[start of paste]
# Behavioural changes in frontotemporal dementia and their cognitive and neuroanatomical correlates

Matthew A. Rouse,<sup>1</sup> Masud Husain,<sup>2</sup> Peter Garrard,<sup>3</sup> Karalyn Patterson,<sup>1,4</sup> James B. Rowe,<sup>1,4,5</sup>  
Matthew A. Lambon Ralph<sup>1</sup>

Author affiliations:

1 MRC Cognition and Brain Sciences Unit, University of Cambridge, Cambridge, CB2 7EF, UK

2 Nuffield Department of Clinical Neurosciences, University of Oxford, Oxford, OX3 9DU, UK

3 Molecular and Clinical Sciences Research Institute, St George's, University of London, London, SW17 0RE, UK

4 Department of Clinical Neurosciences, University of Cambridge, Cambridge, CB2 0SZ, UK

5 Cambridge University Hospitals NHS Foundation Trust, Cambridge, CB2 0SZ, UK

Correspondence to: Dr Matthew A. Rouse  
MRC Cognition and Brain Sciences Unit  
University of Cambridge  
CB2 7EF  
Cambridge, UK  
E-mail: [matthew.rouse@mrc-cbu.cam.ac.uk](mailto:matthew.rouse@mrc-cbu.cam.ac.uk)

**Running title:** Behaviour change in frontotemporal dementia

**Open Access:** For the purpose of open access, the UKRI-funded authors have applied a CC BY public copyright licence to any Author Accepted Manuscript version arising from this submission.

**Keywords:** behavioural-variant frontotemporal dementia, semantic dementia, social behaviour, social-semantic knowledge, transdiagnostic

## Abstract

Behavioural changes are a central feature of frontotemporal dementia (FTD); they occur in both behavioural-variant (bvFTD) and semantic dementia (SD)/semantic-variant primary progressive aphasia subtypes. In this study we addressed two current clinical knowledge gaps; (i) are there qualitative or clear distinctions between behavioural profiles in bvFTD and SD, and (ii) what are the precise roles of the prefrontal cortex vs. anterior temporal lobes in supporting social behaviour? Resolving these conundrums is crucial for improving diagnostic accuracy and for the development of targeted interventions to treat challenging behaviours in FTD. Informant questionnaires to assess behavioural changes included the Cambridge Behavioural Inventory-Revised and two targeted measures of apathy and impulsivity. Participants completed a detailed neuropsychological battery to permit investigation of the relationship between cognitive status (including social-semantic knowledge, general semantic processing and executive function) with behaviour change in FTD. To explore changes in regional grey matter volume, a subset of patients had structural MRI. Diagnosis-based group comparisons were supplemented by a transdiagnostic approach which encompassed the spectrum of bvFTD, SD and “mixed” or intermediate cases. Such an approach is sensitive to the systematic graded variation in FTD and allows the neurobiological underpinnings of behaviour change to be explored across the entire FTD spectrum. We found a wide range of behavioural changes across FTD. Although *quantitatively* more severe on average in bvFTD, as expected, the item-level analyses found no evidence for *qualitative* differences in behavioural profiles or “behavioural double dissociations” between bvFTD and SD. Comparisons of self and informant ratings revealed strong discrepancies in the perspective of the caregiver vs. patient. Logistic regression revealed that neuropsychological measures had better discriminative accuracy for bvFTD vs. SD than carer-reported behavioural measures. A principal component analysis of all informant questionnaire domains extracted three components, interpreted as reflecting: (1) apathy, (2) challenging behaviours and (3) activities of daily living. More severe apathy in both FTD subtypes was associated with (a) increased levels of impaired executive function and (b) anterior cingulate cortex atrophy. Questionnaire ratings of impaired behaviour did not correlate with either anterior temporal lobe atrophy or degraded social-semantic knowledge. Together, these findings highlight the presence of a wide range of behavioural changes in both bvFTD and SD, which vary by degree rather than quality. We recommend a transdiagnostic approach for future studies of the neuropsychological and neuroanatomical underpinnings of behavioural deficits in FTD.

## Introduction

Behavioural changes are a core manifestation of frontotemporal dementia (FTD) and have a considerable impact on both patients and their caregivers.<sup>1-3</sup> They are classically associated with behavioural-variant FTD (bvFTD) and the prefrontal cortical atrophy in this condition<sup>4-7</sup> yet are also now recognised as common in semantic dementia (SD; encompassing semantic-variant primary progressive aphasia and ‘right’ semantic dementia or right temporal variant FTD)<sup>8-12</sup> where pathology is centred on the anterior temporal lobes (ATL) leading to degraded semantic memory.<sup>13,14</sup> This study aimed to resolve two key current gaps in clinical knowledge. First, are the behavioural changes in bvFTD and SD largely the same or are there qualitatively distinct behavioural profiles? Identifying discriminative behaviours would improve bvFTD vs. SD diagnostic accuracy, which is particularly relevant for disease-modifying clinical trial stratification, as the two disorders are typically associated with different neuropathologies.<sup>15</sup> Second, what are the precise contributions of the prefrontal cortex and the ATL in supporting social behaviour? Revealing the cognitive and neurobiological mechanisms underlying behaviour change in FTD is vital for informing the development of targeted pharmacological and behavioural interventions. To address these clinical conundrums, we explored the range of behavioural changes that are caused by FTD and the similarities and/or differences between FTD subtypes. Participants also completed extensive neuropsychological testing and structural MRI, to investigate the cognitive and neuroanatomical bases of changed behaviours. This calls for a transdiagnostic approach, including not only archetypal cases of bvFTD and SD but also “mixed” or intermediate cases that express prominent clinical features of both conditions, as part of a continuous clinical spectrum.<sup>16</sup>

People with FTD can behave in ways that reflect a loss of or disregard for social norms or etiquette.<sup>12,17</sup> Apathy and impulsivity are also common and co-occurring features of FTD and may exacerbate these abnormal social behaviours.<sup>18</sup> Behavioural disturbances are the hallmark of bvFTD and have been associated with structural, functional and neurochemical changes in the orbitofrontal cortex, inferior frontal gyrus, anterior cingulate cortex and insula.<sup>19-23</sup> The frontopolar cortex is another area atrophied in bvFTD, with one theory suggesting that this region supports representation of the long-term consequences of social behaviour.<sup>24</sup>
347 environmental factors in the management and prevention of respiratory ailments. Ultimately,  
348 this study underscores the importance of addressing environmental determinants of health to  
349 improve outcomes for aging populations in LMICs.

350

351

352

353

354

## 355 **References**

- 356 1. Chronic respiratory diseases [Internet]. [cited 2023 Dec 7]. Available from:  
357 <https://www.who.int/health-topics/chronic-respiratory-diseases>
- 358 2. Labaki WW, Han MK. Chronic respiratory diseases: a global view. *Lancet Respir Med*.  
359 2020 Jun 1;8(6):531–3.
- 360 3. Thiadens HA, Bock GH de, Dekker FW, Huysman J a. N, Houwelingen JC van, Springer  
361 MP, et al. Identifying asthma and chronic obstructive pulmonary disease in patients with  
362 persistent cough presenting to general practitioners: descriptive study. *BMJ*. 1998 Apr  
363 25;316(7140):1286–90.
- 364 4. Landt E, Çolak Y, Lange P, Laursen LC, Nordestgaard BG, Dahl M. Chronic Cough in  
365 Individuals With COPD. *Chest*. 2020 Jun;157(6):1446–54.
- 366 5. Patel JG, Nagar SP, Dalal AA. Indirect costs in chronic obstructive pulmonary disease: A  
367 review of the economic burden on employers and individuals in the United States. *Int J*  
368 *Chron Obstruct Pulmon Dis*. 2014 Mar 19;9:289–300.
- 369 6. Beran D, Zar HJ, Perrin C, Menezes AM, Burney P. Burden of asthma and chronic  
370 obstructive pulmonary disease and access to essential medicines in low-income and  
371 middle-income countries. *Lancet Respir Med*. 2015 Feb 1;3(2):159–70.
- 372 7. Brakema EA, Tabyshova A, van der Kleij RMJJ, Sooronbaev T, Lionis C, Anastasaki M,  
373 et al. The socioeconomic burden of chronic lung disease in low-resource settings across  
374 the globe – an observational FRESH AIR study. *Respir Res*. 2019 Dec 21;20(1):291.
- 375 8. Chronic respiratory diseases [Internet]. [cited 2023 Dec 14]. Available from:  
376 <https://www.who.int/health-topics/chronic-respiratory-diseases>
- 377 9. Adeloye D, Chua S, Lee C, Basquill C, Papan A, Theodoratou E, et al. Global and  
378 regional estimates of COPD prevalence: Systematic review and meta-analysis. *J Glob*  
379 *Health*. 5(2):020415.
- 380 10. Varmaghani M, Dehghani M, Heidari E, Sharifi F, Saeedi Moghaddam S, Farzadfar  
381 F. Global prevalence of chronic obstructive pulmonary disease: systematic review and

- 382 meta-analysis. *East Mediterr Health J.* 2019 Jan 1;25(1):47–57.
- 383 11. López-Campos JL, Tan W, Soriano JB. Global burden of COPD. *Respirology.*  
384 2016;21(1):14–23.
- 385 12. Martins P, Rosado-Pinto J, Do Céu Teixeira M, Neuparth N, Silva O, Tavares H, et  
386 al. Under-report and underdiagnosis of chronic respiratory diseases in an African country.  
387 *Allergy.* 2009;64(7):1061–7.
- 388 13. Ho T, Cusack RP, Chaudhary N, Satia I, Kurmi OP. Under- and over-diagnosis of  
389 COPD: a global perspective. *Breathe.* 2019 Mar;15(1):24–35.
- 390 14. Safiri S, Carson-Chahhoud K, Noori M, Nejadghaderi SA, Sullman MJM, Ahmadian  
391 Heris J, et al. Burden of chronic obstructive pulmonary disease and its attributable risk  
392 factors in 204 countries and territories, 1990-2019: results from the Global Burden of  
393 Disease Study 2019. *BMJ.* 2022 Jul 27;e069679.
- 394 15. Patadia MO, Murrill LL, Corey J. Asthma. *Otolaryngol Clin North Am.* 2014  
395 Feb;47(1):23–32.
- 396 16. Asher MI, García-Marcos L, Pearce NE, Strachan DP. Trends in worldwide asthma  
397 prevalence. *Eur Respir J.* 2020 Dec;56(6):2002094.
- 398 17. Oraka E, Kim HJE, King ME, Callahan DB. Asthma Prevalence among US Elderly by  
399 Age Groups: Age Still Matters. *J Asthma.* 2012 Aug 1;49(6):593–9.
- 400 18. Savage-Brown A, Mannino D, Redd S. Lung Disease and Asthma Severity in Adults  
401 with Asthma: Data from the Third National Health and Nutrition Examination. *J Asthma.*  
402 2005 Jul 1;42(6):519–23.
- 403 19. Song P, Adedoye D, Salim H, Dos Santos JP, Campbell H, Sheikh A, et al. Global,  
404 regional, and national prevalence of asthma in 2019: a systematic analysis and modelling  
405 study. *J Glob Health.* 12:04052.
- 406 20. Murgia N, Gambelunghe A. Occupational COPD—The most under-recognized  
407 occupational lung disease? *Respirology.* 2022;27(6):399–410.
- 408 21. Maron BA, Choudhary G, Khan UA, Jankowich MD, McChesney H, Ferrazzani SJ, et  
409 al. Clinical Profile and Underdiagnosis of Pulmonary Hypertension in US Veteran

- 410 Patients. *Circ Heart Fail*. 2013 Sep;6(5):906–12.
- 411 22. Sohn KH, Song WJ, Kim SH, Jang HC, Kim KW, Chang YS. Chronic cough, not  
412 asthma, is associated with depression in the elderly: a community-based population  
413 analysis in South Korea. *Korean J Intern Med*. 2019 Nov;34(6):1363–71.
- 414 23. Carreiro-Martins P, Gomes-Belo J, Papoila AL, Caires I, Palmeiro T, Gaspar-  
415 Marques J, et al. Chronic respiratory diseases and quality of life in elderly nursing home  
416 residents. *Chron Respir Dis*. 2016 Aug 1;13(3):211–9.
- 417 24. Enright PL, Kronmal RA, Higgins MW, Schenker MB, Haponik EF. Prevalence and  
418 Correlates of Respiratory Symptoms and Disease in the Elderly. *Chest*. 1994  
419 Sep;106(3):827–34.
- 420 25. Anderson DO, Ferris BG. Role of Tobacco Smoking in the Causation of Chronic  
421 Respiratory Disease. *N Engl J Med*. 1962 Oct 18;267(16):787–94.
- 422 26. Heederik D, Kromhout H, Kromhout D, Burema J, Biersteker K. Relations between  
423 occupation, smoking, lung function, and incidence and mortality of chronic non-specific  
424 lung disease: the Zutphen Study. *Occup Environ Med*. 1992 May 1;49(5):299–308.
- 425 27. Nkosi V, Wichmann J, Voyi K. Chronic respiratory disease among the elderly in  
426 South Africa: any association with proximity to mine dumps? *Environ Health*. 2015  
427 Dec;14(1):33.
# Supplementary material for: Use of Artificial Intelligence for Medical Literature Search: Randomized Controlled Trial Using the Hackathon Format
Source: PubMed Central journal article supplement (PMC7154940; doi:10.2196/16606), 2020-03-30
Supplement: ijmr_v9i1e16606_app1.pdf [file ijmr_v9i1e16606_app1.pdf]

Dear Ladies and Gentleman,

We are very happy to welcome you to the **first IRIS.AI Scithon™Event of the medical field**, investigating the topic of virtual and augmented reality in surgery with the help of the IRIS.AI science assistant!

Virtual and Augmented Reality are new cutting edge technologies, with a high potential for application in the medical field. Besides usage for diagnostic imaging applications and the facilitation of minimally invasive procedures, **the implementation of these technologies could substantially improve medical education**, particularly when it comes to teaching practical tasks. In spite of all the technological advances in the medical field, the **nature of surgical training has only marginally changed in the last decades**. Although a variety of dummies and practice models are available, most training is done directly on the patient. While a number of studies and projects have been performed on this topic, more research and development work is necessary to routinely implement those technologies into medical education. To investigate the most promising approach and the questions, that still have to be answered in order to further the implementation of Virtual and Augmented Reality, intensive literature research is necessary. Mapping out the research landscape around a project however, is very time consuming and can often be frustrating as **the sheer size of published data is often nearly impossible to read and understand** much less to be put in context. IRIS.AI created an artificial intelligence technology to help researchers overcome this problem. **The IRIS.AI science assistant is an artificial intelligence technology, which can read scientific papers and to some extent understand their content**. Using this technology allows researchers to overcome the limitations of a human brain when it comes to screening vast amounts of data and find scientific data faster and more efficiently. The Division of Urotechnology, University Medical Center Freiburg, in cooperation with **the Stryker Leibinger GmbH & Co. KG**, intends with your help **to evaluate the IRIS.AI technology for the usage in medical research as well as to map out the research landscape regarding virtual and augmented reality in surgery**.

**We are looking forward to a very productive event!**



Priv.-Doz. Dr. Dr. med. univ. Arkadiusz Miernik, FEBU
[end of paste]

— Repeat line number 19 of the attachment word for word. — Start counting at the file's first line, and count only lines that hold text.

## Abstract